Cecilia also points out that access to Ferrari's work and his archive, promoted over the last decade by the Foundation, has been essential for imagining possible curatorial cuts and new approaches to his vast artistic production. The curator points out that experimentation has always been present in Ferrari's trajectory, both in works he considers “abstract” or “art for art's sake”, and in those considered critical. “Ferrari experimented with the most diverse artistic languages ​​to find the most effective way of conveying what he wanted to say or 'make seen',” she says. “He entered the artistic milieu with ceramics and woodcarving, to later start working with stainless steel rods, drawing, objects, collages, photocopies, plants, among other languages ​​and techniques”.

In Brazil, the biggest León Ferrari retrospective took place in 2008, at the Pinacoteca of the State of São Paulo. The most recent, León Ferrari, for a world without hell, took place in 2018, at the Nara Roesler gallery, also in São Paulo. It is worth mentioning that works by Ferrari are present in the collections of MAC USP, Masp and Pinacoteca, among other institutions.


Son of Italian architect Augusto C. Ferrari and Susana Celia del Pardo, León Ferrari was born on September 3, 1920 and is the third of six children. In 1946, he married Alicia Barros Castro, with whom he had three children: Mariali, Pablo and Ariel. He graduated in chemical engineering and had a small industry, of tantalum, a metal used in electronic components. In the early 1950s, he moved to Italy for family reasons. He lived in the country for three years, where he began his production as a sculptor. In 1955, he even made an individual in Milan, before returning to Argentina.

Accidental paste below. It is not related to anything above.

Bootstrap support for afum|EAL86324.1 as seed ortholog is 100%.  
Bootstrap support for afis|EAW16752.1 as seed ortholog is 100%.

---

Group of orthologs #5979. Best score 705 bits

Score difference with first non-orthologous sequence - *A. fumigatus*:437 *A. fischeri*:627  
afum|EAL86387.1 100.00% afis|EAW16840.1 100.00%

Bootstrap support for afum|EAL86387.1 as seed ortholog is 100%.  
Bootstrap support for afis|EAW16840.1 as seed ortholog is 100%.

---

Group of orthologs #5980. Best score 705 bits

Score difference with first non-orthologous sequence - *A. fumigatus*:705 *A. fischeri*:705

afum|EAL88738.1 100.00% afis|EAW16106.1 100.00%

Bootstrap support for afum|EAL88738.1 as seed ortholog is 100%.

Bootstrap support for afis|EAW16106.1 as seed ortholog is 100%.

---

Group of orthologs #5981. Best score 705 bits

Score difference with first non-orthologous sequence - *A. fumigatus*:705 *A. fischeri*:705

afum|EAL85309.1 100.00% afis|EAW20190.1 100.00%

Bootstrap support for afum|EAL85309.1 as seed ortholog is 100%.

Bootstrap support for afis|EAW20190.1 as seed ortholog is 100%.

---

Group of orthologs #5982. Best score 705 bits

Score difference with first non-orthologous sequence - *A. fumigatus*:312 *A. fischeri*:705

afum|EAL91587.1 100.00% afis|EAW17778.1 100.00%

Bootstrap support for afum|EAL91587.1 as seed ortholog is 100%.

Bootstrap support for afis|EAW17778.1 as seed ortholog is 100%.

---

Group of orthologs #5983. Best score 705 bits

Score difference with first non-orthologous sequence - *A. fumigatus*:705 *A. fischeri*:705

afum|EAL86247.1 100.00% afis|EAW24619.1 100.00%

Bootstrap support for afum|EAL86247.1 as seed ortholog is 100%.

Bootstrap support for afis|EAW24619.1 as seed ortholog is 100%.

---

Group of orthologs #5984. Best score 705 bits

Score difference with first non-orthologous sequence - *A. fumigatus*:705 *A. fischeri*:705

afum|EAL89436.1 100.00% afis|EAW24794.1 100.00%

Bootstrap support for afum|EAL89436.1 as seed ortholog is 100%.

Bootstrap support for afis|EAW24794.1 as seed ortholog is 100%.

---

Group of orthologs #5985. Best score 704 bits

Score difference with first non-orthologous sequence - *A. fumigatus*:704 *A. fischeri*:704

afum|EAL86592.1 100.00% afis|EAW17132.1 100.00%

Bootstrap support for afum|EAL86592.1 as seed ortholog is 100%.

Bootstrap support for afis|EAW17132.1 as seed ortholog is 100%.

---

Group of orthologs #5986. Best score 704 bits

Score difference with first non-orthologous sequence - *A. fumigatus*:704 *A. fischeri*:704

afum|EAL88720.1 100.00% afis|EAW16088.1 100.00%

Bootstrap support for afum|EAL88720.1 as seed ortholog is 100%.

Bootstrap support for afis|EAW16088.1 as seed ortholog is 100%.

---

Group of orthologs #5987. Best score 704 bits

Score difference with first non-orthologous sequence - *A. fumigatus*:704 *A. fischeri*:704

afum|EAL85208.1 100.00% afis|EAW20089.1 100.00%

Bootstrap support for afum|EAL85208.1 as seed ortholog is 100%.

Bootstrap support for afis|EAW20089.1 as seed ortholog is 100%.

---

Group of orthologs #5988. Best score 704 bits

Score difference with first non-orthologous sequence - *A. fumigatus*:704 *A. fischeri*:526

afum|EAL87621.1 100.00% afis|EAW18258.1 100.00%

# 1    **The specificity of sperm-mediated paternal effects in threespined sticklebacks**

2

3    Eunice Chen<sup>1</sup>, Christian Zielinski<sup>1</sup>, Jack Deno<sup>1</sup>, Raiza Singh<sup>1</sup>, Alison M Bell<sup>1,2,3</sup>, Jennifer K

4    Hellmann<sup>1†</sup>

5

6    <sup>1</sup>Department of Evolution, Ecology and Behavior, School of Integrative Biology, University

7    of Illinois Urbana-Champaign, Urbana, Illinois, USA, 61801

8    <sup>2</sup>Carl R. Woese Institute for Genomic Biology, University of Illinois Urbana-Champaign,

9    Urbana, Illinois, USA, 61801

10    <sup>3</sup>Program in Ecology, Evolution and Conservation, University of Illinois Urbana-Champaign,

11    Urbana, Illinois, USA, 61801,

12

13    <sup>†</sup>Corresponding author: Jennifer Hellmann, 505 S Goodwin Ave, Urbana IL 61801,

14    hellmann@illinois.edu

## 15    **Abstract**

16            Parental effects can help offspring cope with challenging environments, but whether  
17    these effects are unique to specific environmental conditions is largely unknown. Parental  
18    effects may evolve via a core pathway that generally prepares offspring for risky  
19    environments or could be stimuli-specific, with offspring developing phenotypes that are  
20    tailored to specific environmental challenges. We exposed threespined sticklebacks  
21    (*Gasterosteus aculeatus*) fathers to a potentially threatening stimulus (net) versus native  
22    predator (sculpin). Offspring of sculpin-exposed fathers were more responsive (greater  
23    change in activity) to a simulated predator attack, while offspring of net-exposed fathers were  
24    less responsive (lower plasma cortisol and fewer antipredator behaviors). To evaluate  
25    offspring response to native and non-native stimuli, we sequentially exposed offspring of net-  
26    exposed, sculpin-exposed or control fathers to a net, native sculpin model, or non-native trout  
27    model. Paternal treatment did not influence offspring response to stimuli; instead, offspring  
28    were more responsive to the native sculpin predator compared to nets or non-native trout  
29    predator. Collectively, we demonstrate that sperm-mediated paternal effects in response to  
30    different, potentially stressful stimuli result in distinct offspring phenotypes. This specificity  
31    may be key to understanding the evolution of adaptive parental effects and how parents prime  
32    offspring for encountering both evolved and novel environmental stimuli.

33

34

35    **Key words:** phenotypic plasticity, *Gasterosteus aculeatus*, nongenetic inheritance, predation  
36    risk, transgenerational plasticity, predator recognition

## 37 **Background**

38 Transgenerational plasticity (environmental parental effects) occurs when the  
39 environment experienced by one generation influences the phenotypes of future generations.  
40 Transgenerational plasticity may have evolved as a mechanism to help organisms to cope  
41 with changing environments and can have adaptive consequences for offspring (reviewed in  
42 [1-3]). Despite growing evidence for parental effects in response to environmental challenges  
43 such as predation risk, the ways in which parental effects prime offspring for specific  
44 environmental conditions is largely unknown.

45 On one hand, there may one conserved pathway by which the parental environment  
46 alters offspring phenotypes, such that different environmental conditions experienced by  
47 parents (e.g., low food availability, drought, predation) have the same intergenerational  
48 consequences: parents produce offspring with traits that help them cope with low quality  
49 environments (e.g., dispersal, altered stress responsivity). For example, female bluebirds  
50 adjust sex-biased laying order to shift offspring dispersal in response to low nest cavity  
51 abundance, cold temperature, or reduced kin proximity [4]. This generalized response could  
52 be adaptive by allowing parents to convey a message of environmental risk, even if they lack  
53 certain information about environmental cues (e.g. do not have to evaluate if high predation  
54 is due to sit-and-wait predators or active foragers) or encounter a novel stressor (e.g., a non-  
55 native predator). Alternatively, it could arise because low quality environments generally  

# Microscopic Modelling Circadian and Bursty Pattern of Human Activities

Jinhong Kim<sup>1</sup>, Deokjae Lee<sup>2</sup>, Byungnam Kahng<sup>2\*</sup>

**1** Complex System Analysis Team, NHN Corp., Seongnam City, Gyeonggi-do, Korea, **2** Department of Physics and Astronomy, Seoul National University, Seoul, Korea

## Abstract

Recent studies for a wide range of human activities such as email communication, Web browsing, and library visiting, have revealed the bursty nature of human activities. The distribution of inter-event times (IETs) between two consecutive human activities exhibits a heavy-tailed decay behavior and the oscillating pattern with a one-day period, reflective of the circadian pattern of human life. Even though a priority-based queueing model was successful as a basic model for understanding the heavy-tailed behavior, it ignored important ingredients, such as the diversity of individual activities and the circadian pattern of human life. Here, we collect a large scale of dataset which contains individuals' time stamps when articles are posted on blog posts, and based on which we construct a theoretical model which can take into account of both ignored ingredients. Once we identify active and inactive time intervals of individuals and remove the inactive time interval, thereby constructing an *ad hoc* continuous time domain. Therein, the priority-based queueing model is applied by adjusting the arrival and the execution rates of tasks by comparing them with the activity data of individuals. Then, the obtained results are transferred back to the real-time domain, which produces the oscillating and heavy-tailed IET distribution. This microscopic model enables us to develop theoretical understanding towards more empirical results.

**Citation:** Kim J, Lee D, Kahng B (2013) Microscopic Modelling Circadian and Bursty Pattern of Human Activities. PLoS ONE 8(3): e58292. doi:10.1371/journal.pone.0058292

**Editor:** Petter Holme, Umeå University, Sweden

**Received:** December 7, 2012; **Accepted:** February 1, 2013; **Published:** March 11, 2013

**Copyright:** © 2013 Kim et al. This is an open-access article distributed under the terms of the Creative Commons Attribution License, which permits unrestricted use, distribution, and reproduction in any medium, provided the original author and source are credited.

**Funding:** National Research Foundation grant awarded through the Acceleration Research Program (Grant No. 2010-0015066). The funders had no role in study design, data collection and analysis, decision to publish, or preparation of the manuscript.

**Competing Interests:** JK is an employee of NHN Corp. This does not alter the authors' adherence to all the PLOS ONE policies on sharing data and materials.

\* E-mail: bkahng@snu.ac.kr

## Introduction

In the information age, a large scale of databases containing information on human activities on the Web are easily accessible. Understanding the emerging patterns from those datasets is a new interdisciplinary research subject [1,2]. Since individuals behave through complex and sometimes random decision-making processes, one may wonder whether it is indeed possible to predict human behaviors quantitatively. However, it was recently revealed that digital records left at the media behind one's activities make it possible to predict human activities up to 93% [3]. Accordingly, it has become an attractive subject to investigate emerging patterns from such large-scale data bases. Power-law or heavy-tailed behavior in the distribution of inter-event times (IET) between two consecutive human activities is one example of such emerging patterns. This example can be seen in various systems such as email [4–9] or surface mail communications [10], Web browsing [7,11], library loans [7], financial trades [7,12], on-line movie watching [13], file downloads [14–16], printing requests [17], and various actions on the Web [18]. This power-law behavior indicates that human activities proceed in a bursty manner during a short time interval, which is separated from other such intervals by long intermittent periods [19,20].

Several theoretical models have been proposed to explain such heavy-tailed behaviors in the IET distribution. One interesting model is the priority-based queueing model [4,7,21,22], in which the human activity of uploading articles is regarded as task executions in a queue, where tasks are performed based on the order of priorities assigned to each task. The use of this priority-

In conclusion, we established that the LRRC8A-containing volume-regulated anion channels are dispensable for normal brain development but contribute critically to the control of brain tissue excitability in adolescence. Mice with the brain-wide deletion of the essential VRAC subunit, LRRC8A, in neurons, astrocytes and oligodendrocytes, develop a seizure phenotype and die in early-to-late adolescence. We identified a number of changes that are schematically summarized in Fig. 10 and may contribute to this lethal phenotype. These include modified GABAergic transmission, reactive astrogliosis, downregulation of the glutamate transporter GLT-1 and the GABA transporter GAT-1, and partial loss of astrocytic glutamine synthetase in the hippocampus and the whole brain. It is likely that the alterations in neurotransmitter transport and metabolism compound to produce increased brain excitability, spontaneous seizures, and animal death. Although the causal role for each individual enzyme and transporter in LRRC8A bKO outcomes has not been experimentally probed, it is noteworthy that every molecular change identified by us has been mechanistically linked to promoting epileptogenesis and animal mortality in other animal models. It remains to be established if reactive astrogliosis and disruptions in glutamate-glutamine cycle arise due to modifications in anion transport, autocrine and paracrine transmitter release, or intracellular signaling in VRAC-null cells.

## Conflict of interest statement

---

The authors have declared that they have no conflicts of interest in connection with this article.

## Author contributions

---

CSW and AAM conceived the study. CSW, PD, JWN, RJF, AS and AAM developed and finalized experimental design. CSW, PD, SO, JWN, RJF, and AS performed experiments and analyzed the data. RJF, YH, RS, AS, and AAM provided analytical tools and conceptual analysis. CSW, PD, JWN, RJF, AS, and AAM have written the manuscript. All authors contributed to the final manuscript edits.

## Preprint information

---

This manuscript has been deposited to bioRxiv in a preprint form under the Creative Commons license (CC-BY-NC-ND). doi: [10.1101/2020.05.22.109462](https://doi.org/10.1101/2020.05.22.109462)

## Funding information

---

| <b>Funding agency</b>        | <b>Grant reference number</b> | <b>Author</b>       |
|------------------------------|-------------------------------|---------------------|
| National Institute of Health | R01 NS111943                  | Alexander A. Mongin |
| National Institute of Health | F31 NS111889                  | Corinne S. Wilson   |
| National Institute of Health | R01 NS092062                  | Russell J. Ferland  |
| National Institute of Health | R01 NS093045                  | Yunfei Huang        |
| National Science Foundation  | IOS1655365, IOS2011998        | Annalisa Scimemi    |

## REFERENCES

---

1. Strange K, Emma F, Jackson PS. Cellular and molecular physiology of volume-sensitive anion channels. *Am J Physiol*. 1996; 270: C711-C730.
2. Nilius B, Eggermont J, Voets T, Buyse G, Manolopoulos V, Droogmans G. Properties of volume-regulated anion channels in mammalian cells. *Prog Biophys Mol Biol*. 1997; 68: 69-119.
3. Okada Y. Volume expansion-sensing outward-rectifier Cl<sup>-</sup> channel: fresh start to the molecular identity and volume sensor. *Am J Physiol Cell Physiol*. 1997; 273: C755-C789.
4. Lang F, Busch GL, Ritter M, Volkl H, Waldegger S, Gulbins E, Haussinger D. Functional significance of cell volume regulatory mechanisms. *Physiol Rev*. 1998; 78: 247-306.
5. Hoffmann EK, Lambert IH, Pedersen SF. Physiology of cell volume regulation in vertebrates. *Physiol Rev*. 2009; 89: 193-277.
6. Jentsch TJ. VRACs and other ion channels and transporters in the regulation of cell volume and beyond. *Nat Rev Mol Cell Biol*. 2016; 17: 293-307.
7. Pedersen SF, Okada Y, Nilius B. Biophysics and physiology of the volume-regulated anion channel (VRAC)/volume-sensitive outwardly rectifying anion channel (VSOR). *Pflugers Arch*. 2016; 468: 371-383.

In the later decade, Ferrari began making sculptures from wire and stainless steel, producing calligraphic designs such as written board (1964), and collages. From 1965, the artist engaged in the cultural and political movement of the Instituto di Tella in Buenos Aires, abandoning abstract production. It is during this period that Western and Christian Civilization, the most iconic of his creations. In 1976, she went into exile in São Paulo with her family. Only her youngest, Ariel, remained in Argentina, being declared “missing” months after her parents and siblings left.

The following year, Ferrari began to make sound sculptures with metallic bars and became interested in new expressive means. In text Published in 2020 on arte!brasileiros, Andrea Giunta recalls that in São Paulo the artist “is linked to the city’s experimental formations with artists such as Regina Silveira, Julio Plaza, Carmela Gross, Alex Fleming, Marcelo Nietsche and Hudinilson”, but considers that “the São Paulo moment is not, as only, the moment of returning to art, to welded sculptures, to abstract instruments (which Léon calls berimbau). It is also a return to the sacred scriptures and the role that biblical writings play in the history of the West”.